Nerve agents in honey

  • Christopher Connolly

    Press/Media: Research


    There is widespread concern over the global loss of biodiversity. The decline in bee abundances is particularly alarming given their role in pollination; bee losses are a major threat to human food security and ecosystem stability. These losses are associated with intensive land use, which exposes bees to pesticides, particularly neonicotinoids. The latter may harm bees directly and/or exacerbate threats from other chemicals, imported parasites and diseases (1), or habitat loss. On page 109 of this issue, Mitchell et al. (2) show that most honeys sampled from around the world between 2012 and 2016 contain neonicotinoids at levels known to be neuroactive in bees. The work highlights the global nature of this threat to bees.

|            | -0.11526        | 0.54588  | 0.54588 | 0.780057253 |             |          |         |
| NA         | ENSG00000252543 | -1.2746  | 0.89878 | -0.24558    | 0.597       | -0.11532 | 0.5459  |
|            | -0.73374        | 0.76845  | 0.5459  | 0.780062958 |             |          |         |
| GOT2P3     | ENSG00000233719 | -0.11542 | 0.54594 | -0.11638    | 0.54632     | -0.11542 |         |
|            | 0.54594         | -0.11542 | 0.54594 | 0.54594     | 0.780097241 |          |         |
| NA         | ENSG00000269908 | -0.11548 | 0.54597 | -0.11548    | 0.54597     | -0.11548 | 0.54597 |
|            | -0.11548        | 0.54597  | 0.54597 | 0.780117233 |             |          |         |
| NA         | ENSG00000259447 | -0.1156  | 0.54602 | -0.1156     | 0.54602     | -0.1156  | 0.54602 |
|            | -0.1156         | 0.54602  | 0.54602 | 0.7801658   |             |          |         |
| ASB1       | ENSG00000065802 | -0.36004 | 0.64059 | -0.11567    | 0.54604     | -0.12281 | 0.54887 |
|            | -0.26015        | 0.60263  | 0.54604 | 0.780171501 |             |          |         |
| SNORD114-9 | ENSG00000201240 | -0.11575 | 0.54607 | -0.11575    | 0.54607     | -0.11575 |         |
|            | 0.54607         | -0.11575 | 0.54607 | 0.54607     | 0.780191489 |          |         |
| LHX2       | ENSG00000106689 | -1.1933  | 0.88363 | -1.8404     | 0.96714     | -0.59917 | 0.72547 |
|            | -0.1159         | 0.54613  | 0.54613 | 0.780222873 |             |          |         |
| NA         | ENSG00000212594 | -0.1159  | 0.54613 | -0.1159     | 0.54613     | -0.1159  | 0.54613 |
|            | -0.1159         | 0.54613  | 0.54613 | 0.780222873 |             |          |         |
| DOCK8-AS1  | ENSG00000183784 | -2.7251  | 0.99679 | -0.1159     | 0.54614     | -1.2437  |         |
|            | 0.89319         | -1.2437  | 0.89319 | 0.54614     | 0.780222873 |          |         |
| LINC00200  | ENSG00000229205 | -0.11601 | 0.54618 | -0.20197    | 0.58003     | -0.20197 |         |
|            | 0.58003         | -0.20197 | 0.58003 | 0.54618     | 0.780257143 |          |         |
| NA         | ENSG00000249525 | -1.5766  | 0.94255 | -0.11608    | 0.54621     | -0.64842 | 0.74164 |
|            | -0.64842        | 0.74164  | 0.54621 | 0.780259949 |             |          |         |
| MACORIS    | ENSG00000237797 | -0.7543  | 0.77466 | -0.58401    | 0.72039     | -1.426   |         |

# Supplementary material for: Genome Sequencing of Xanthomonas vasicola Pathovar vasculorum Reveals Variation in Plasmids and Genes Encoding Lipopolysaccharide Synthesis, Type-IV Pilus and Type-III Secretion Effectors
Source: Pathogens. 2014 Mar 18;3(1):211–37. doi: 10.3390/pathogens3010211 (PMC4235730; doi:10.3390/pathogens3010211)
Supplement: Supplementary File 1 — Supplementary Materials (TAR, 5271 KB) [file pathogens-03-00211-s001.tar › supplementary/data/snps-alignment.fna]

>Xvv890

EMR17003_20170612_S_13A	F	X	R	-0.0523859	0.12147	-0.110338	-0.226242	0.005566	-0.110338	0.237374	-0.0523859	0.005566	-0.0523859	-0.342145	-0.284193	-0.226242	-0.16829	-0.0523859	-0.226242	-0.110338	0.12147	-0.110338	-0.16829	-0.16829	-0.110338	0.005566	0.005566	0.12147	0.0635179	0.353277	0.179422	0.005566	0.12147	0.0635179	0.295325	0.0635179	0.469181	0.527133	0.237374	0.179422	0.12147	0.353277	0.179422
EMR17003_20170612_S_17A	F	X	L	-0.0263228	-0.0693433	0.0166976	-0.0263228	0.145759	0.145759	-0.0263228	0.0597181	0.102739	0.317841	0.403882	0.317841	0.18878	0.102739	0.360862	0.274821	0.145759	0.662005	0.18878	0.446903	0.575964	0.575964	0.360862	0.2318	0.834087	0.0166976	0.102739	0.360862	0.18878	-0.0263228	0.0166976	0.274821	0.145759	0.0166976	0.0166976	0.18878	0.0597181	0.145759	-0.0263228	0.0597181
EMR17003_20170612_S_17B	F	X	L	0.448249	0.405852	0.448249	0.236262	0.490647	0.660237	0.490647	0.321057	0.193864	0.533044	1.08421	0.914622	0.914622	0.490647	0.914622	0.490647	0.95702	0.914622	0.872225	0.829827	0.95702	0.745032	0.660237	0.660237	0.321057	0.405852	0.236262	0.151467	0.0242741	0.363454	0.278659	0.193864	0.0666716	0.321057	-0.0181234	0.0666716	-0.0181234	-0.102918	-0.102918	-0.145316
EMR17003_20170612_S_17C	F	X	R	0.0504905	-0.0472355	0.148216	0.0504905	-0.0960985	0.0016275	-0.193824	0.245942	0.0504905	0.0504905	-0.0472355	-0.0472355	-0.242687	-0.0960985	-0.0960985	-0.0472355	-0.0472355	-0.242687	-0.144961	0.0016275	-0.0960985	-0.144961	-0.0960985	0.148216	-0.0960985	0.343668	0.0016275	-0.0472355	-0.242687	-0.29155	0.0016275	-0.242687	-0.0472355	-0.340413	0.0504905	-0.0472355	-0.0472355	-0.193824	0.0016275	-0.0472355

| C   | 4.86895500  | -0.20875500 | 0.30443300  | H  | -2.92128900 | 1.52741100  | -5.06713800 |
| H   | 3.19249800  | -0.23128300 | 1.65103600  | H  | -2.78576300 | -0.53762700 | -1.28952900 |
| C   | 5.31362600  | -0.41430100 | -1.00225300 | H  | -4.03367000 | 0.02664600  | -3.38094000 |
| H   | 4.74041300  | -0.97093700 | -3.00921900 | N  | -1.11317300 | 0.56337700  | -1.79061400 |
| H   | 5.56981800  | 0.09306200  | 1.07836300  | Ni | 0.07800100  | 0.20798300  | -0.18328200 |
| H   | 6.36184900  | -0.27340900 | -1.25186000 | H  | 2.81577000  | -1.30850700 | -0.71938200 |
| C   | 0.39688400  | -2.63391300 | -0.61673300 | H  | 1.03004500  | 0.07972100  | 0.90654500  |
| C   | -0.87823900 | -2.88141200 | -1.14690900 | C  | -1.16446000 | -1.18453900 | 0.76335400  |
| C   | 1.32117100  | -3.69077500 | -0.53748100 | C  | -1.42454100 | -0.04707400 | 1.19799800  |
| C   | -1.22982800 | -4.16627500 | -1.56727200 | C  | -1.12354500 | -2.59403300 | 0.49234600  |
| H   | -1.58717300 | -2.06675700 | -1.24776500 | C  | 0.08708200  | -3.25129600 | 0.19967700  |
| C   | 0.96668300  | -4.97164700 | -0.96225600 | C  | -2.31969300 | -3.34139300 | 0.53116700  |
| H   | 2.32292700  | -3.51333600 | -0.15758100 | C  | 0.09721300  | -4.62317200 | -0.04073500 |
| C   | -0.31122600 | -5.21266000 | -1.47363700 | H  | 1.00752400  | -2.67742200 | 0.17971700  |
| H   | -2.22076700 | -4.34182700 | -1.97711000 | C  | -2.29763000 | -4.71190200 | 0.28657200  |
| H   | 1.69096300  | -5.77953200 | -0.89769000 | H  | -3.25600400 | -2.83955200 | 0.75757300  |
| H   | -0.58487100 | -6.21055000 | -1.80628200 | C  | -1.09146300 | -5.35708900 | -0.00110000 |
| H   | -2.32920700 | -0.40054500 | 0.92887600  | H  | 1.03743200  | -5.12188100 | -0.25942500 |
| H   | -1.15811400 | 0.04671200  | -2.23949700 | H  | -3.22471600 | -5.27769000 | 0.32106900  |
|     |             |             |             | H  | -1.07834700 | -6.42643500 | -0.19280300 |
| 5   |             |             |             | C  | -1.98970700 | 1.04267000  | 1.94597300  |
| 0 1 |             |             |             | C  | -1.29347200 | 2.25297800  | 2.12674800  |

Period5 Oct 2017

    Media contributions


    Media contributions

    • TitleThe pesticide killing off bees ends up in most of the world's honey
      Degree of recognitionInternational
      Media name/outletIBTimes
      Media typeWeb
      Country/TerritoryUnited Kingdom
      DescriptionThree-quarters of the world's bees are exposed to harmful levels of poisonous pesticides in their food, resulting in contamination of their honey.
      PersonsChristopher Connolly